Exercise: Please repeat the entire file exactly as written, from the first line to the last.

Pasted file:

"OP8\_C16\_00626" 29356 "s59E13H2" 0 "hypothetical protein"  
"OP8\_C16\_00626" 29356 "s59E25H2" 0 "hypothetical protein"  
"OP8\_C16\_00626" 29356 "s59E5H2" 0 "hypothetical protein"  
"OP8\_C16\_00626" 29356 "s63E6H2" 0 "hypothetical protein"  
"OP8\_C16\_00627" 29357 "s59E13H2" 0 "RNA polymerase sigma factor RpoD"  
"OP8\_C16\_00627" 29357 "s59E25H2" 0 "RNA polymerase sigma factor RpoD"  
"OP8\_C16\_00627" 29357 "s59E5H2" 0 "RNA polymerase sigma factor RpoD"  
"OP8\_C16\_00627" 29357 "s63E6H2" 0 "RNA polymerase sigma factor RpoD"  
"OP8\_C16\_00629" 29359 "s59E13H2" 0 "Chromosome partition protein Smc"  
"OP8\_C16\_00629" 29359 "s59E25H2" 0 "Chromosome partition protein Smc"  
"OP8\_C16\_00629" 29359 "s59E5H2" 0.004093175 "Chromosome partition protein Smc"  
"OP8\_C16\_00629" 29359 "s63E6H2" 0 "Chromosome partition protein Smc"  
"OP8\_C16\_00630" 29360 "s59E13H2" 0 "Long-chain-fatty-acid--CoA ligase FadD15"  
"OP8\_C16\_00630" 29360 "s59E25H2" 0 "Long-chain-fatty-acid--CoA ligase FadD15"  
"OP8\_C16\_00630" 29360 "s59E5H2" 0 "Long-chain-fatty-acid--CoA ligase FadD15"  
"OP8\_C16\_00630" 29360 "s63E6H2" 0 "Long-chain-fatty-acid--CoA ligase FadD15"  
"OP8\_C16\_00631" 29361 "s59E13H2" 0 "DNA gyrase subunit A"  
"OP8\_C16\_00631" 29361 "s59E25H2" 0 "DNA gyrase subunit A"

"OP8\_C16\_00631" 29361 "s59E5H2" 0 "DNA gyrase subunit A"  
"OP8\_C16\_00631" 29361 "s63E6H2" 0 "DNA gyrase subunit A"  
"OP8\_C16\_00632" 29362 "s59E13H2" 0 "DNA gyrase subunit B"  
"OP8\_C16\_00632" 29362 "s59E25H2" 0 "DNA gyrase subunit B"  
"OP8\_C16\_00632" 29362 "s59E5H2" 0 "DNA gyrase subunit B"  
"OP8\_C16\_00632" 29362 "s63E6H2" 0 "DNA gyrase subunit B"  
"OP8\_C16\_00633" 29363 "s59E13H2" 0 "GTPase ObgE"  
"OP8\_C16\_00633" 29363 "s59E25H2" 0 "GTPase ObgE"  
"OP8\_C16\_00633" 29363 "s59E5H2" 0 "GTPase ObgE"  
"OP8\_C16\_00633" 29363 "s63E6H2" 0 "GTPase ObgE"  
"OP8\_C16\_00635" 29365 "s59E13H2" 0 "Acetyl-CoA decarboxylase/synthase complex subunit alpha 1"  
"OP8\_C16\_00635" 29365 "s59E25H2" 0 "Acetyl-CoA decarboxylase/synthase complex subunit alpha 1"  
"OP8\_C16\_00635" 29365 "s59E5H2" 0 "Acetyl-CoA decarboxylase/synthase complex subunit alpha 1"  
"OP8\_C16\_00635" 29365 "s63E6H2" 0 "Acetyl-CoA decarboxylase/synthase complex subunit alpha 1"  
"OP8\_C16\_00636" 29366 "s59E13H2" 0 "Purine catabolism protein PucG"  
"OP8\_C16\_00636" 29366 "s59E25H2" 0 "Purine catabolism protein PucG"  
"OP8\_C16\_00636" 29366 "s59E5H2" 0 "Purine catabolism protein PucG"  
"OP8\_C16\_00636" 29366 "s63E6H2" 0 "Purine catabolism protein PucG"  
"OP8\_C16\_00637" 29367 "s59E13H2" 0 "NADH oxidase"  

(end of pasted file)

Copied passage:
"OP8\_C16\_00626" 29356 "s59E13H2" 0 "hypothetical protein"  
"OP8\_C16\_00626" 29356 "s59E25H2" 0 "hypothetical protein"  
"OP8\_C16\_00626" 29356 "s59E5H2" 0 "hypothetical protein"  
"OP8\_C16\_00626" 29356 "s63E6H2" 0 "hypothetical protein"  
"OP8\_C16\_00627" 29357 "s59E13H2" 0 "RNA polymerase sigma factor RpoD"  
"OP8\_C16\_00627" 29357 "s59E25H2" 0 "RNA polymerase sigma factor RpoD"  
"OP8\_C16\_00627" 29357 "s59E5H2" 0 "RNA polymerase sigma factor RpoD"  
"OP8\_C16\_00627" 29357 "s63E6H2" 0 "RNA polymerase sigma factor RpoD"  
"OP8\_C16\_00629" 29359 "s59E13H2" 0 "Chromosome partition protein Smc"  
"OP8\_C16\_00629" 29359 "s59E25H2" 0 "Chromosome partition protein Smc"  
"OP8\_C16\_00629" 29359 "s59E5H2" 0.004093175 "Chromosome partition protein Smc"  
"OP8\_C16\_00629" 29359 "s63E6H2" 0 "Chromosome partition protein Smc"  
"OP8\_C16\_00630" 29360 "s59E13H2" 0 "Long-chain-fatty-acid--CoA ligase FadD15"  
"OP8\_C16\_00630" 29360 "s59E25H2" 0 "Long-chain-fatty-acid--CoA ligase FadD15"  
"OP8\_C16\_00630" 29360 "s59E5H2" 0 "Long-chain-fatty-acid--CoA ligase FadD15"  
"OP8\_C16\_00630" 29360 "s63E6H2" 0 "Long-chain-fatty-acid--CoA ligase FadD15"  
"OP8\_C16\_00631" 29361 "s59E13H2" 0 "DNA gyrase subunit A"  
"OP8\_C16\_00631" 29361 "s59E25H2" 0 "DNA gyrase subunit A"

"OP8\_C16\_00631" 29361 "s59E5H2" 0 "DNA gyrase subunit A"  
"OP8\_C16\_00631" 29361 "s63E6H2" 0 "DNA gyrase subunit A"  
"OP8\_C16\_00632" 29362 "s59E13H2" 0 "DNA gyrase subunit B"  
"OP8\_C16\_00632" 29362 "s59E25H2" 0 "DNA gyrase subunit B"  
"OP8\_C16\_00632" 29362 "s59E5H2" 0 "DNA gyrase subunit B"  
"OP8\_C16\_00632" 29362 "s63E6H2" 0 "DNA gyrase subunit B"  
"OP8\_C16\_00633" 29363 "s59E13H2" 0 "GTPase ObgE"  
"OP8\_C16\_00633" 29363 "s59E25H2" 0 "GTPase ObgE"  
"OP8\_C16\_00633" 29363 "s59E5H2" 0 "GTPase ObgE"  
"OP8\_C16\_00633" 29363 "s63E6H2" 0 "GTPase ObgE"  
"OP8\_C16\_00635" 29365 "s59E13H2" 0 "Acetyl-CoA decarboxylase/synthase complex subunit alpha 1"  
"OP8\_C16\_00635" 29365 "s59E25H2" 0 "Acetyl-CoA decarboxylase/synthase complex subunit alpha 1"  
"OP8\_C16\_00635" 29365 "s59E5H2" 0 "Acetyl-CoA decarboxylase/synthase complex subunit alpha 1"  
"OP8\_C16\_00635" 29365 "s63E6H2" 0 "Acetyl-CoA decarboxylase/synthase complex subunit alpha 1"  
"OP8\_C16\_00636" 29366 "s59E13H2" 0 "Purine catabolism protein PucG"  
"OP8\_C16\_00636" 29366 "s59E25H2" 0 "Purine catabolism protein PucG"  
"OP8\_C16\_00636" 29366 "s59E5H2" 0 "Purine catabolism protein PucG"  
"OP8\_C16\_00636" 29366 "s63E6H2" 0 "Purine catabolism protein PucG"  
"OP8\_C16\_00637" 29367 "s59E13H2" 0 "NADH oxidase"  